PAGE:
First and Second Responders

Researchers help firefighters stay healthy.

Fall 2023
Tucson Fire Department firefighters battle a major fire at a Tucson scrapyard amidst dense smoke in 2022.

Tucson Fire Department firefighters battle a major fire at a Tucson scrapyard amidst dense smoke in 2022. Exposure to toxins is a common hazard for firefighters.

Kelly Presnell, Arizona Daily Star

Long after a blaze has finally gone cold, firefighters still face dangers to their physical and mental health, including heightened risks of cancer and post-traumatic stress. While these first responders can pay a high price for protecting us all, a vigorous partnership between the University of Arizona and Tucson Fire Department is helping ratchet down those costs.

UArizona is committed to improving the lives of firefighters — by reducing carcinogen exposure and boosting emotional well-being — through its new Center for Firefighter Health Collaborative Research in the Mel and Enid Zuckerman College of Public Health. “We’re doing things that can provide models for fire departments across the country,” says public health professor and center team member Jeff Burgess.

Those models include real-time research that uses blood and urine samples to show the need for fire crews to avoid toxin exposure by wearing protective gear at all times. Or peer-to-peer support for firefighters struggling with the mental toll of their work. Or even halting the spread of dangerous pathogens through the firehouse.

The work received a big boost in 2015 when UArizona received a $1.5 million grant from the Federal Emergency Management Agency, or FEMA, to help improve safety at Tucson Fire Department. A subsequent FEMA grant expanded that effort to fi re departments across the country.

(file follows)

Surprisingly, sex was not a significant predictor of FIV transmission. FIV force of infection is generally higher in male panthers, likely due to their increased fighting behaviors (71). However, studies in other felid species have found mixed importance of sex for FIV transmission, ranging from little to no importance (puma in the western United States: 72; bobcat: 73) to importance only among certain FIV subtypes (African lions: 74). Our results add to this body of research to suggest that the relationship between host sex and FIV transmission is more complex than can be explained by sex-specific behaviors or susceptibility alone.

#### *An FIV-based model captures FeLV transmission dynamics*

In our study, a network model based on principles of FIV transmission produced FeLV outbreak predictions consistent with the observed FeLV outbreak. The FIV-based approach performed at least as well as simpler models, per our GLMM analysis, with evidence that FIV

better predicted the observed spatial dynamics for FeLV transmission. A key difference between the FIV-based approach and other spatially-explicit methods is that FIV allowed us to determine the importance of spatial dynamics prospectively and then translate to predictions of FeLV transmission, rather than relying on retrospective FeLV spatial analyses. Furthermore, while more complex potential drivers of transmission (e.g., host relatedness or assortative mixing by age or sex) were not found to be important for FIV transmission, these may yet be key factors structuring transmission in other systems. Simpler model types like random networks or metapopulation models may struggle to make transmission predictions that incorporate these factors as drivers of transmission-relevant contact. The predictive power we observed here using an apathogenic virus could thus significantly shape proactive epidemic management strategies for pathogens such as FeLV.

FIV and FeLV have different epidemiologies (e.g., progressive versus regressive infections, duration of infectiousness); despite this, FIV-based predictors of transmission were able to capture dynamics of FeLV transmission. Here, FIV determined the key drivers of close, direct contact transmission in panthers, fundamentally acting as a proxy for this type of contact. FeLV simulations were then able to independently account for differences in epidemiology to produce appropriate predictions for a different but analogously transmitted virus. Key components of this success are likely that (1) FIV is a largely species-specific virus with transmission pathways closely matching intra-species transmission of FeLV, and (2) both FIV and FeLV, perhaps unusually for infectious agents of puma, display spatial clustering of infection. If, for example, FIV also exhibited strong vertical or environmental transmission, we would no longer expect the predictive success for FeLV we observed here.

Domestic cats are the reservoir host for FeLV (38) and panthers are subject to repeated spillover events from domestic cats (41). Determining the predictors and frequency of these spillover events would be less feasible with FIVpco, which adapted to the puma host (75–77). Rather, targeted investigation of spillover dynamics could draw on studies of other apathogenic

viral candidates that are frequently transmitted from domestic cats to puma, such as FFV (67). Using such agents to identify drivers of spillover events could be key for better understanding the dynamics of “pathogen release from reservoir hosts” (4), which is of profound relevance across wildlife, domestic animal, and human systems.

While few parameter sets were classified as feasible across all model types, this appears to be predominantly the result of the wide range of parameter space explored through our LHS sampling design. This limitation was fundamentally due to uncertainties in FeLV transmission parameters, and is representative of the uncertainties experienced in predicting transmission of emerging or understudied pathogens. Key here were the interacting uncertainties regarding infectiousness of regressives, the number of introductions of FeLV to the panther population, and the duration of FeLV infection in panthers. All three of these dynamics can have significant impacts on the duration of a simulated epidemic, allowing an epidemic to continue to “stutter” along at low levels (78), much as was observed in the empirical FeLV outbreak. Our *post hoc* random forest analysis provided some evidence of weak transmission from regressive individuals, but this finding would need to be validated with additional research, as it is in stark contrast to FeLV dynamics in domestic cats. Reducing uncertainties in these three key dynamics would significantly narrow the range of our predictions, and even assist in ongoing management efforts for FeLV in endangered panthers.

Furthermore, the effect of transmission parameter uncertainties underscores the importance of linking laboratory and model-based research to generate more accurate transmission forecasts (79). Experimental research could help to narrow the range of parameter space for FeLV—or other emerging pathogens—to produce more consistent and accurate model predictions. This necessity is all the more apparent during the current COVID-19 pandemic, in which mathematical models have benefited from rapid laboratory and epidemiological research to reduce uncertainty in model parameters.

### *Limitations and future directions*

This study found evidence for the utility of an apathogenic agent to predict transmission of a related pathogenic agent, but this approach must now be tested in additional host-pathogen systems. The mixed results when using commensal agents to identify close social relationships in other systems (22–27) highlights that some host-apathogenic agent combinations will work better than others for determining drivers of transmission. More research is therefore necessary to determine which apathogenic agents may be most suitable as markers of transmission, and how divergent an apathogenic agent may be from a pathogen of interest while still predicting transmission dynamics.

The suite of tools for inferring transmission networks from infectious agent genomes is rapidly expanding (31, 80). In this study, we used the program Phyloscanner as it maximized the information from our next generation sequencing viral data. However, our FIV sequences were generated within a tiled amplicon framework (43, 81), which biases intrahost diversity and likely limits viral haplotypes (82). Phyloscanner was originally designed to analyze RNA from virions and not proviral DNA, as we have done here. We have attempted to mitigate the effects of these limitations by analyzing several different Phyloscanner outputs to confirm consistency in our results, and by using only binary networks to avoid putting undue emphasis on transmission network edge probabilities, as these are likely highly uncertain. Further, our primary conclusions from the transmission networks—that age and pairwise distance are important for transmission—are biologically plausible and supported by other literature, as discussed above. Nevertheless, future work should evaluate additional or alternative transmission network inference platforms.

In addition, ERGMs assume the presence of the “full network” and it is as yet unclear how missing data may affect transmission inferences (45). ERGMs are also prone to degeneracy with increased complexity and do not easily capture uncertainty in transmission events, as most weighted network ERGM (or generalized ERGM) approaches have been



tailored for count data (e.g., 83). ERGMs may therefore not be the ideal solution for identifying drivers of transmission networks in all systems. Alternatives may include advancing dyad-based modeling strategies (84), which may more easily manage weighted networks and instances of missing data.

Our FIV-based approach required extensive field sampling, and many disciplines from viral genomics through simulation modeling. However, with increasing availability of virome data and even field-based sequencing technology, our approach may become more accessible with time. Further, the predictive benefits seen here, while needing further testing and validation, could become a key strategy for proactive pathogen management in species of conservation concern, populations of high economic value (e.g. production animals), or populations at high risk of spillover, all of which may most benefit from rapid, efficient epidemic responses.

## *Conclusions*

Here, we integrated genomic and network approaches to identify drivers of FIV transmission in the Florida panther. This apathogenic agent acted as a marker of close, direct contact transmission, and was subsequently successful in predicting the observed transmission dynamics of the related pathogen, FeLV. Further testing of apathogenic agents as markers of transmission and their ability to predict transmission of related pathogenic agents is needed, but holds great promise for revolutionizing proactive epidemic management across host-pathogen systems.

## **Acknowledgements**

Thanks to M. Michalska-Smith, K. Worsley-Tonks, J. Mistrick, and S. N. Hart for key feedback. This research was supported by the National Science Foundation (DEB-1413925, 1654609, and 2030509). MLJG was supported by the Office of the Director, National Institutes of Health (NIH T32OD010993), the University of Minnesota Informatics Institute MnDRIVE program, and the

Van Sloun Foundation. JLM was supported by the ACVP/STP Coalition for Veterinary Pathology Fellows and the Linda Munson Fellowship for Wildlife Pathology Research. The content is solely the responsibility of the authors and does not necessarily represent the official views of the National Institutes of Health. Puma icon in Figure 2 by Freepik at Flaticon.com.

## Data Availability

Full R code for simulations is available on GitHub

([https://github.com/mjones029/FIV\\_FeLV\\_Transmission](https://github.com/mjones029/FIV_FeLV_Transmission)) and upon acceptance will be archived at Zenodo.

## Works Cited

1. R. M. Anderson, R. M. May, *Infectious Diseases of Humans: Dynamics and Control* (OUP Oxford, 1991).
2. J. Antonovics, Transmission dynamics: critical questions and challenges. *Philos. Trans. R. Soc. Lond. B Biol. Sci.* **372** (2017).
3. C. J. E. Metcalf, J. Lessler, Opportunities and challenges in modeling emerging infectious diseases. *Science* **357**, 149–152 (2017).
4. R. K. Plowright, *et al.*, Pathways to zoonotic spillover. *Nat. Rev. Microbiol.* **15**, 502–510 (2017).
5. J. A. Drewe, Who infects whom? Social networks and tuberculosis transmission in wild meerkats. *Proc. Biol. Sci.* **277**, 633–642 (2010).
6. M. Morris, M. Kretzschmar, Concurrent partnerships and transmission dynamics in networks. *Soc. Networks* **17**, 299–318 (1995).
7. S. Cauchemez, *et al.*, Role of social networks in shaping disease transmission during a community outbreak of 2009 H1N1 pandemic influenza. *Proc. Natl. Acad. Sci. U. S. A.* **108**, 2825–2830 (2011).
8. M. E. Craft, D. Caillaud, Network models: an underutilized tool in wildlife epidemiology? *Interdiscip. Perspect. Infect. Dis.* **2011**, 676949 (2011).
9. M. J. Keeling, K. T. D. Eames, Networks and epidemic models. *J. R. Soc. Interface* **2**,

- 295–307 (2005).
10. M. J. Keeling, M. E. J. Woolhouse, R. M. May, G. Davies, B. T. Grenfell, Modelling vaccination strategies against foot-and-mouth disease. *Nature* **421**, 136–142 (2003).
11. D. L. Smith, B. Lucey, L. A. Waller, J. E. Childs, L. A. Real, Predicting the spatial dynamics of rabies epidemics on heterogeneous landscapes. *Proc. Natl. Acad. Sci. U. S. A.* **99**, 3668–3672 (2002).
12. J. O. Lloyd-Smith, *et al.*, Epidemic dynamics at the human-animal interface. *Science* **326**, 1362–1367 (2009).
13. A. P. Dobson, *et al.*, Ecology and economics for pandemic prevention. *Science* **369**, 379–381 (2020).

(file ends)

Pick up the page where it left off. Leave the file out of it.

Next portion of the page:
The Tucson Fire project began with a tragic loss. In 2014, fire investigator Tom Quesnel died from leukemia that was said to be caused by his work. His death prompted a re-examination of the department’s safety regimen and a quest to identify why firefighters die from cancer at rates 14% higher than the general public.

UArizona’s research revealed just how toxic burned material can be, even after a fire is out. “There are two sources of toxic exposure: breathing it in and absorbing it through the skin,” Burgess says. “Together, these exposures cause changes at a cellular level that put firefighters at higher risk for cancer.”

Those findings led to policy changes, such as requiring that all personnel, including investigators, wear respirators and other protective gear at the scene. The department also introduced the “clean cab” concept, which involves keeping contaminated fire-fighting equipment out of fire truck cabs as well as using wipes for exposed skin and routinely swapping contaminated hoods for clean ones.

Follow-up testing showed an immediate drop in toxins entering the bodies of firefighters.

Still, learning new habits, such as cleaning gear after a fire, was a challenge for weary fire crews, according to Tucson Fire Captain John Gulotta. “A lot of times our guys had been working all night and just wanted to get to get their gear off ,” he says. And more obstacles remain; although the reforms resulted in significantly lower contaminant levels, crew members are still absorbing some toxins. “I don’t know if we’ll ever get to zero,” Gulotta says. “But what we can do is find whole bunch of little things to change.”

Reducing toxic exposure isn’t the only benefit from this UArizona/Tucson Fire collaboration. For instance, Kelly Reynolds, chair of the college’s department of community, environment and policy, addressed TFD’s problem with firehouse MRSA staph infections by advising that carpeting be replaced with easier-to-sanitize hard surfaces; soon, the problem disappeared.

And Patricia Haynes, another Center for Firefighter Health Collaborative Research team member, has introduced cognitive therapy to help firefighters cope with the mental stress of 24-hour shifts, where sleep patterns are constantly under siege from late-night emergencies. She also created an outreach protocol that has firefighters initiating conversations with colleagues facing professional or personal difficulties.

Haynes likewise helped implement a program where firefighters temporarily go on a lighter schedule, allowing them time to deal with problems. “They are always subject to chronic stress,” she says. “This policy allows them to reset and work on some of these issues so that they can get back out in the field.”

It’s just one more perk from the priceless partnership between the university and Tucson’s first responders. “This collaboration is such a big thing,” Gulotta says. “I don’t know how we’d do it if the UA was not so generous in reaching out to us. They are making a huge difference.”

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